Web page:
Y La Bamba comes out of Portland, Oregon, and the boundless, profound creativity of Luzelena Mendoza. Nurtured by parents who immigrated from Mexico, and the communities surrounding her, time saw her bring in an artistic family of seven musicians for the creation of their stunning 2010 album, Lupon (review). The album is an immersing splendor of folk, both traditional in the States sense but rooted in her family’s heritage. 2011 hopes to bring a new album, and Luz is turning to Kickstarter as a way to raise funds for the recording. Luz was generous and kind enough to chat with us about where her life’s at now and why Kickstarter’s become so important. To pledge and see the options available, click here (the deadline is February 27th).
How’s life been in Portland since Lupon was released for you and the guys in the band?
[Luzelena Mendoza] My life apart from Y La Bamba’s been good. With Y La Bamba, what Lupon has done has opened a lot of doors. Things were already happening bef
ore we released our record. We’ve got a really awesome team backing us up. But even before Lupon was released, the momentum was there. A 7-piece band came together from being a 5-piece band. That’s what happened last year, and by the time that we released the record, we had a 7-piece ensemble. Then we just started growing with that. We went on two amazing tours with Typhoon and Horse Feathers, so we now have more touring experience and a lot more exposure. We’ve definitely been blessed. We weren’t expecting any of this. Things have been coming in a way better than we thought. We’re just playing music, keeping it real with the original intent: that we are what we do. Now that I’m growing up, I’m seeing what it’s all starting to mean.
We’re trying to record a new album. We’ve been talking about it the past couple of months. In January, I got back after touring and seeing family and tried to shape ourselves for what’s in store for us this year. The new record, which is tentatively titled Tragos Amargos, is being made right now. We’re trying to get into the studio with Kickstarter. Our proj
ect launched a couple of days ago. We’re trying to raise $8,000, but really what we’re trying to raise is $16,000. This past year, even after Lupon, has made us eager. We have a genuine inspiration to record this next album. All these songs that we’ve written this last year are so special, so important, so fierce, that more than ever I feel it’s crucial for us to be sharp and give attention to this.
I’m broke. We’re all broke. But I’ve seen the camaraderie of everyone just trying to do the best they can, like taking the shirts literally of their backs to sell anything to make this record happen. We have a great support team; don’t get me wrong. Portland’s been awesome with people here bringing us on and helping us. That’s been nothing but nurturing. I can say that about Portland– give a shout out to Here.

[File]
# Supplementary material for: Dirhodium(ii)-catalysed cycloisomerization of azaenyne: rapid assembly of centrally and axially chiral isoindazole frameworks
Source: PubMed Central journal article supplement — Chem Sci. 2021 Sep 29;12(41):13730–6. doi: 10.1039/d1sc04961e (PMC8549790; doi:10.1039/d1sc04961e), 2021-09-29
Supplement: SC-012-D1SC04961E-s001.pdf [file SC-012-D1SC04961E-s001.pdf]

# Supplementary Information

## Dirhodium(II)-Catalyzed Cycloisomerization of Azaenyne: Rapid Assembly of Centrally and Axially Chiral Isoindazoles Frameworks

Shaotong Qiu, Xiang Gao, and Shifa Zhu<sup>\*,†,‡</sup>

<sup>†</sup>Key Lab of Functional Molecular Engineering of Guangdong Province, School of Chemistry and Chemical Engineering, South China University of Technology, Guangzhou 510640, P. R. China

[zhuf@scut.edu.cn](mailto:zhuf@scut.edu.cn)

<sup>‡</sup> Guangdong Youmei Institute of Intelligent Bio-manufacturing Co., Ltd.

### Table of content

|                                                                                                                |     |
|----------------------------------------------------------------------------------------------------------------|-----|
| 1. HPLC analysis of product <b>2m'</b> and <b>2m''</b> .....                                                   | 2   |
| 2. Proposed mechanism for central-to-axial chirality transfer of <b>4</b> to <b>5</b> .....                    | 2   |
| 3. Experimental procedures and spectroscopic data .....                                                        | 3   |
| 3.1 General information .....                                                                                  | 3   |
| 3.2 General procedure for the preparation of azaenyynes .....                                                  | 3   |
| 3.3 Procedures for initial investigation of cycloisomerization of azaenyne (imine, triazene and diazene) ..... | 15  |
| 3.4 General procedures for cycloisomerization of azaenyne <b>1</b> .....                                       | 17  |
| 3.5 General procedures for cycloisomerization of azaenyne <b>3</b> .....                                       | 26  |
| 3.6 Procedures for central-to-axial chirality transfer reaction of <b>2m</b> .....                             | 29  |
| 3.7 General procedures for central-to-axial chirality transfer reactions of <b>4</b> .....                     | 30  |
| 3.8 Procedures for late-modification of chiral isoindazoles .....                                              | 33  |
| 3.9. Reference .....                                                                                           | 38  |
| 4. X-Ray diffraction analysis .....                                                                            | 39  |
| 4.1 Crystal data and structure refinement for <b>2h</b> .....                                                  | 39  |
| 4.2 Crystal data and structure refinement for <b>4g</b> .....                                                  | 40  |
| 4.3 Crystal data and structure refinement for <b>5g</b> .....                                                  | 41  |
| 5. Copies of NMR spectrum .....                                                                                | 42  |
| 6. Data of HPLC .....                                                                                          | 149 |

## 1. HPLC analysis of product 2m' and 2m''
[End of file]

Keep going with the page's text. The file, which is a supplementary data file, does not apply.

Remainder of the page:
Also we’re trying to push Kickstarter. We’ve never done anything like that so we’ll see what happens. It’s by faith. Oh my god. It has been a little bit tough too. Because we just want to write. We’re vulnerable, we write, we make music, and then we want to start talking about all these other things. The realities of money can be testing. But we’re persevering and trying to look ahead.
Related then, what drove you to Kickstarter as a way to fund the new album?
I didn’t even know what Kickstarter was a couple months ago. It was brought to my attention that we needed to raise money. We didn’t know how to come up with funds like that, even though we’re playing shows and getting some money, it’s not enough to live on. At the same time, it’s not like: “Rescue us community! We really need to do somethin
g about this!” I mean people helped us out even before we had a Kickstarter project, either with financial or verbal support, or just being there for us. We’re both equally sharing something, and it’s awesome for the both of us to be part of it. If people want to help out, it doesn’t matter if it’s $1 or $5 or $300; we are so grateful. Kickstarter is a great vehicle, not just for our band, but many arts and causes.
The community aspect in Portland seems very strong. We saw Nick Jaina out here in Madison and looking into them unveils the incredible community out there.
Nick Jaina’s family. He’s a representative of genuine, heartfelt creativity. He’s been around here for a while now. Even though you would ask yourself, “If Portland’s so broke, the artists, then why are people still doing their music? Why do artists like Nick Jaina travel all the way from Portland?” The love we feel from the community, that is compelling to the artists. That right there is so much more than financial success. That’s why I’m still doing what I’m doing, and why I’ve done this my whole life. But, holy shit, if we didn’t have the community… I admire Nick Jaina for still doing what he does. I believe in his artistry. It moves me to make music.
That can be extremely hard as an artist.
I can sit here and talk to you about many things. But obviously we all know we create our own realities. It seems like most people don’t really understand that—how simple that is. Don’t stop doing what you do because of toxic mental patterns; just because you don’t have money, doesn’t mean you have nothing. I have felt this since I was very young.
Did you ever struggle with ‘should I stop being an artist or should I continue’ because of financial constraints or?
Are you ready for this? [laughs]
I never ever, ever, ever struggled with anything like that ever. That was never in my head space until this past year. This year, we did the Horse Feathers tour, and in the last week of the tour I went to go visit my family. We are a huge Catholic Mexican family. I sort of freaked out when I was there, because everyone’s got babies, and everyone’s got their careers. The artist’s life, they don’t get it. Your family doesn’t have to be from Mexico to create that pressure of the so-called American Dream, and what amount of money you’re supposed to have. My life has always been my life. Maybe I’ve been super self-absorbed as an artist, not really knowing anything else. It’s my air, my spirit, my water, my religion, my everything. Each day I’m trying to plant my heels in the soil and be as grounded as I can. I’m very whimsical, and I’m very emotional, but I feel like I’m keeping it all together.